Questions & AnswersRelationship Issues

QUESTION: My husband and I tend to have big blow outs over fairly inconsequential things. It seems like one of us always has to "win" and that "winning" is more important than what we're actually fighting about. What's going on and how can we stop it?

ANSWER: It could be several things, but the core of your fights almost certainly involve issues of self-worth. Oftentimes couples use each other in a fashion not unlike "mirror, mirror on the wall". In the honeymoon stages of a relationship, this can be wonderful, because we look in the eyes of the other and see a glorified image of ourselves reflected back. However, as we become more aware of one another's imperfections, couples who have been relying extensively on mirroring now look hopefully into the eyes of their partner and see a less than perfect image of themselves reflected back.

To some people, "less than perfect" doesn't exist. They only see the world as black or white, so "less than perfect" becomes intolerably black and they frantically begin doing whatever is within their power to redeem themselves. Since they're used to looking to their spouse for validation and the spouse is no longer forthcoming, a common solution is to try to bring the spouse down. The unconscious logic is that if the spouse can be shown to be less than perfect, then it follows that they obviously aren't seeing us accurately and our opinions of ourselves can rise. However, there's a double-bind, because if the spouse is perceived as the bad guy, then the person will start to feel bad about themselves for staying with such a slouch. The therapeutic goal in this type of a relationship is to teach each person to find their self-worth and goodness within themselves instead of relying on others to provide it.

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QUESTION: I'm in a lesbian relationship and my partner is homophobic. Is there anything I can do to help her get past the homophobia?

ANSWER: I would suggest some couple's therapy first to make sure it's a pure case of homophobia. Oftentimes homophobia, even though very real, also serves as a mask to keep a couple from dealing with deeper issues. Once the two of you have a clearer sense of the issues, you'll be in a better position to decide whether additional couple's therapy, individual therapy, or some combination of both will be best.
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QUESTION: I've been married for over 20 years. My husband was the man of my dreams and we had an incredible amount of passion in the relationship for the first few years. Now, though, it seems like we're more like roommates than spouses. We never fight and yet it seems like something is missing. Any ideas about what might be wrong and how we can get back on track?

ANSWER: Passion is a wonderful thing in a relationship. However, couples who have wonderfully passionate relationships often also have equally passionate negative feelings toward one another. These negative feelings are not bad in and of themselves, and in fact, they provide extremely fertile ground for growth both for the individuals in the relationship as well as for the couple.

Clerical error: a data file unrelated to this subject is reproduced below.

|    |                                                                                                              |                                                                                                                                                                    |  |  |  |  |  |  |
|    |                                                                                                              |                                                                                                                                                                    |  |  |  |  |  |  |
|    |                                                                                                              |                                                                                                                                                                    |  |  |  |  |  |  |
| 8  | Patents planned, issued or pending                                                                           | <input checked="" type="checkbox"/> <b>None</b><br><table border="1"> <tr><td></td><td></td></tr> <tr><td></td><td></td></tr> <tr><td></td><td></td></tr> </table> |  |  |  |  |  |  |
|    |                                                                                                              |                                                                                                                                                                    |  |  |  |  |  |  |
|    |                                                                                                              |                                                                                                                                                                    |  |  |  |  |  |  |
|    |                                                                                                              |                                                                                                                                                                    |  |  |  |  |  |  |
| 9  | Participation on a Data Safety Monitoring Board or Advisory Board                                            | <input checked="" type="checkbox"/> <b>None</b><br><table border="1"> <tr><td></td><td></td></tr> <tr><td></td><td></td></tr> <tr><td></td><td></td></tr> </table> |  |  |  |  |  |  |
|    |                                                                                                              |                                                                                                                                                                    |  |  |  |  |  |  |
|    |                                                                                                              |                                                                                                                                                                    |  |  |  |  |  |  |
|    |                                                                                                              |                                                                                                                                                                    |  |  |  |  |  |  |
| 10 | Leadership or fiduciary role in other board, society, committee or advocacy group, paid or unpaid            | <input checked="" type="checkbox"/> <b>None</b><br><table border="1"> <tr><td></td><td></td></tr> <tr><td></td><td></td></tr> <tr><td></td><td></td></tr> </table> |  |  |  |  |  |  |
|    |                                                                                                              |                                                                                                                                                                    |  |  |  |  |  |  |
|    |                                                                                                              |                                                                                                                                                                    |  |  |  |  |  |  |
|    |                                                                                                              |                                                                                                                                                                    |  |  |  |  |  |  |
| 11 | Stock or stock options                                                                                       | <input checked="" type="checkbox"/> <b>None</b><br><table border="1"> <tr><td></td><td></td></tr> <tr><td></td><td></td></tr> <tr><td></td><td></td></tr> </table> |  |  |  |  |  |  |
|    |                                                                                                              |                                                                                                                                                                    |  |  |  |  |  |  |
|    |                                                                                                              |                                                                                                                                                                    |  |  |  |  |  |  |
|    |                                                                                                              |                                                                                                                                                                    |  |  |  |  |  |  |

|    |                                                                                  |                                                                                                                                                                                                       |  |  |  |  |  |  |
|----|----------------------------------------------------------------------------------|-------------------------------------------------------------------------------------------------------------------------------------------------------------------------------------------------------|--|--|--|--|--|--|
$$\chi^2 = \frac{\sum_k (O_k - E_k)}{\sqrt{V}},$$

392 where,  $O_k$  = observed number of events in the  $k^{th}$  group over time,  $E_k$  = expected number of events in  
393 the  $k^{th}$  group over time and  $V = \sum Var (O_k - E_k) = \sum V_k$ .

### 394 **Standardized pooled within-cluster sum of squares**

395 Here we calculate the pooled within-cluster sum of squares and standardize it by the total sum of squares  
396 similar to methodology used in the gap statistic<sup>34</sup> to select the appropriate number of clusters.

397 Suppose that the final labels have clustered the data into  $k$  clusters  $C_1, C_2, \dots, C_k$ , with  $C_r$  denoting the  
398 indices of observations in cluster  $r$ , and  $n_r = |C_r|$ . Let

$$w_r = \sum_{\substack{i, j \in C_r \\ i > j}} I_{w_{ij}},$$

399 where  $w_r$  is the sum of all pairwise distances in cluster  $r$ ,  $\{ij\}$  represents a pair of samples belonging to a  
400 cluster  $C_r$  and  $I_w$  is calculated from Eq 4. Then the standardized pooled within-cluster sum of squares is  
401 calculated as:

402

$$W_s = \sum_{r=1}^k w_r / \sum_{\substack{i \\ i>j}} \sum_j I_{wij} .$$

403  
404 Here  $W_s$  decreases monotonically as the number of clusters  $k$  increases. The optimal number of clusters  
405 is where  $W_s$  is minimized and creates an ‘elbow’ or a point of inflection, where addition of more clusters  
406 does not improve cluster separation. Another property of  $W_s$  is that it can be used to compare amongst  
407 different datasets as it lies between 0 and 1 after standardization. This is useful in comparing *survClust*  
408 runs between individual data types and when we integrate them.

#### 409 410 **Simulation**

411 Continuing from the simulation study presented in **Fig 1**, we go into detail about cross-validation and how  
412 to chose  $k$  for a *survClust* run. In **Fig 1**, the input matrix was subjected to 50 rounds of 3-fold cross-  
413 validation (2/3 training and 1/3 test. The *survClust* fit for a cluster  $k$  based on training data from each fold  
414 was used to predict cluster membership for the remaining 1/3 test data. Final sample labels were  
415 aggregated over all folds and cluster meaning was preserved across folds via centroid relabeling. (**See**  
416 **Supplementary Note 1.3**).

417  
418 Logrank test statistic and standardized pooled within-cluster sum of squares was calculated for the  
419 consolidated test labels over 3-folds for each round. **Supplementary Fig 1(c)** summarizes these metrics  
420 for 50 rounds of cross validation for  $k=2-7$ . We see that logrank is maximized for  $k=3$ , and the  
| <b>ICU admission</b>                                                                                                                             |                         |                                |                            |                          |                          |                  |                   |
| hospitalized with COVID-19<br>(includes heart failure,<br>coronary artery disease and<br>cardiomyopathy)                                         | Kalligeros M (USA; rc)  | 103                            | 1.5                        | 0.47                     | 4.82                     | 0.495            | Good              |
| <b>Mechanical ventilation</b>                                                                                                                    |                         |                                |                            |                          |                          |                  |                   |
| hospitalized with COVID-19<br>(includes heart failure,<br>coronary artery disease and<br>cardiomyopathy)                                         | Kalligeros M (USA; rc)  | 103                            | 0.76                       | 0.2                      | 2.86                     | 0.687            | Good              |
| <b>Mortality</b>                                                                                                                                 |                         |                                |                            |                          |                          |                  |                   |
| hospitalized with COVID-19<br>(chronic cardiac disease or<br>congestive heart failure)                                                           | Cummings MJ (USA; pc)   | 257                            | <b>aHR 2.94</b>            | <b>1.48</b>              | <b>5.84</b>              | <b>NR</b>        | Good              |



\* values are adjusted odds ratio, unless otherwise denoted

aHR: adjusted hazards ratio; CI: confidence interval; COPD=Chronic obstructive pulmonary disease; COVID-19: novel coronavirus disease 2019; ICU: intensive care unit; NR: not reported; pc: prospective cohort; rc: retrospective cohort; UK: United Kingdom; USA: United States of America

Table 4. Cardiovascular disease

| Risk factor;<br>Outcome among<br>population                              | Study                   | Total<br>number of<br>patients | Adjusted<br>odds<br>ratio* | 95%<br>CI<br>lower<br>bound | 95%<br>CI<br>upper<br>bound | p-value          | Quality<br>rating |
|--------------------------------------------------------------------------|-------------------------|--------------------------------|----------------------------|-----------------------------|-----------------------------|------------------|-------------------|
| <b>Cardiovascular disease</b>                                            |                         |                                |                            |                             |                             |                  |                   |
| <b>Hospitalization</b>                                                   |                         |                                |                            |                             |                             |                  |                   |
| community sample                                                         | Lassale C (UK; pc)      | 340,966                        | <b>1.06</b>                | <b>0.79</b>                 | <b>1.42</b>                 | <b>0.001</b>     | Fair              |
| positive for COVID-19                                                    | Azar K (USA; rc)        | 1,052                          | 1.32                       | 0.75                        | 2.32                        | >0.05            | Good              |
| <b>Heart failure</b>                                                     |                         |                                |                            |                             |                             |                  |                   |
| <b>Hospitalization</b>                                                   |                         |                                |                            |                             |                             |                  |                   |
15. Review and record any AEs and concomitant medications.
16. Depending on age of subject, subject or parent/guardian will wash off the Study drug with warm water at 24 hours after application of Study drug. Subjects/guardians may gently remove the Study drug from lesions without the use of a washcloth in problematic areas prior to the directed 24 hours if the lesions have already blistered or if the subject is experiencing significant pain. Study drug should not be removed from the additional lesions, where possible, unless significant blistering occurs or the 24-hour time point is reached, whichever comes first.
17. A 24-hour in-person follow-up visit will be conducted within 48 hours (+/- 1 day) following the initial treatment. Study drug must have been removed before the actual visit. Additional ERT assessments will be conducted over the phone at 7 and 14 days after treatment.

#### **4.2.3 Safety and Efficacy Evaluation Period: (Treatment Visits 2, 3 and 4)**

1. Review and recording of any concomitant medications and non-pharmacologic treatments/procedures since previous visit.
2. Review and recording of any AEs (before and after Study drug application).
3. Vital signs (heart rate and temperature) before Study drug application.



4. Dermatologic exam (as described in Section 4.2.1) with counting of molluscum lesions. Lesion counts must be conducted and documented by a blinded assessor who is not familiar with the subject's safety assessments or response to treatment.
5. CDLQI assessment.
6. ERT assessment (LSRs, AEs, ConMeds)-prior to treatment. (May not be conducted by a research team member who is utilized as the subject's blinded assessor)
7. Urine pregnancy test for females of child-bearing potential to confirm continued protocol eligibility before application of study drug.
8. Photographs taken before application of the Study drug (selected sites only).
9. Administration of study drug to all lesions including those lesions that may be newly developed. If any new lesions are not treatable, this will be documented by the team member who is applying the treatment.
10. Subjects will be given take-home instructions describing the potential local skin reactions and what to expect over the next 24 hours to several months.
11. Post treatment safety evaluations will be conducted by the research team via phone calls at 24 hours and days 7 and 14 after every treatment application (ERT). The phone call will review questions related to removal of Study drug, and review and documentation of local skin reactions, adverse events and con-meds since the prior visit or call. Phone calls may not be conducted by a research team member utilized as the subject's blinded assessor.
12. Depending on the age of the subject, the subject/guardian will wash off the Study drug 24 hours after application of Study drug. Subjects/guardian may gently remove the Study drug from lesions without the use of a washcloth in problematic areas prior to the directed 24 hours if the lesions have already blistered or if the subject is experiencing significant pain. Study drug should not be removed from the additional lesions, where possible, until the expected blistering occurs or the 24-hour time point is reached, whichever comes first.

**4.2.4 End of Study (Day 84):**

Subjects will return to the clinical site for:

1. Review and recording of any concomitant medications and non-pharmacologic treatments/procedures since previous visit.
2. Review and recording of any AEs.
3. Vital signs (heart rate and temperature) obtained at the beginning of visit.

However, many couples have trouble navigating through the negative times, feeling scared of the critical or hostile impulses they harbor and/or hopeless about resolving the issues. Although some couples resolve the dilemma by continual fighting and/or breaking up, other couples will dissociate the negative feelings to avoid conflict. The latter solution typically results in the scenario you're describing. There could be other explanations as well but this one is the most common.

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QUESTION: My partner hates my family. Just really can't tolerate being around them at all. He tries for the sake of the relationship, but it always feels strained. What should we do?

ANSWER: The first question would be to try to determine why he hates your family. Do they mistreat him? Remind him of his own family? Act possessively toward you? Feel critical of him or of your relationship? If his feelings toward your family are based on individual issues of his, the most effective course of treatment might be individual therapy for him as well as couple's therapy for the two of you so you can develop some workable solutions to the problem in the meantime. If members of your family are actually doing things to provoke him, possible solutions would be to have some extended family sessions with all of you and/or for the two of you to have some couple's therapy so you can come up with ways to handle the situation together, so that you're aligned as a couple and he doesn't feel alone in dealing with it.

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QUESTION: My boyfriend and I can't agree on whether to have children. We're planning to marry in a few months but this issue really worries me. I've talked to him about going to counseling with me but he's not interested. He says that he may change his mind but right now, he doesn't want kids and I do. I'm not sure what to do.

ANSWER: The issue of whether to have children is a difficult one because there's not a good way to compromise. It also concerns me that your boyfriend isn't willing to go to counseling with you. That makes it sound like he's pretty set on having things his way. You may end up having to choose between your boyfriend and having children.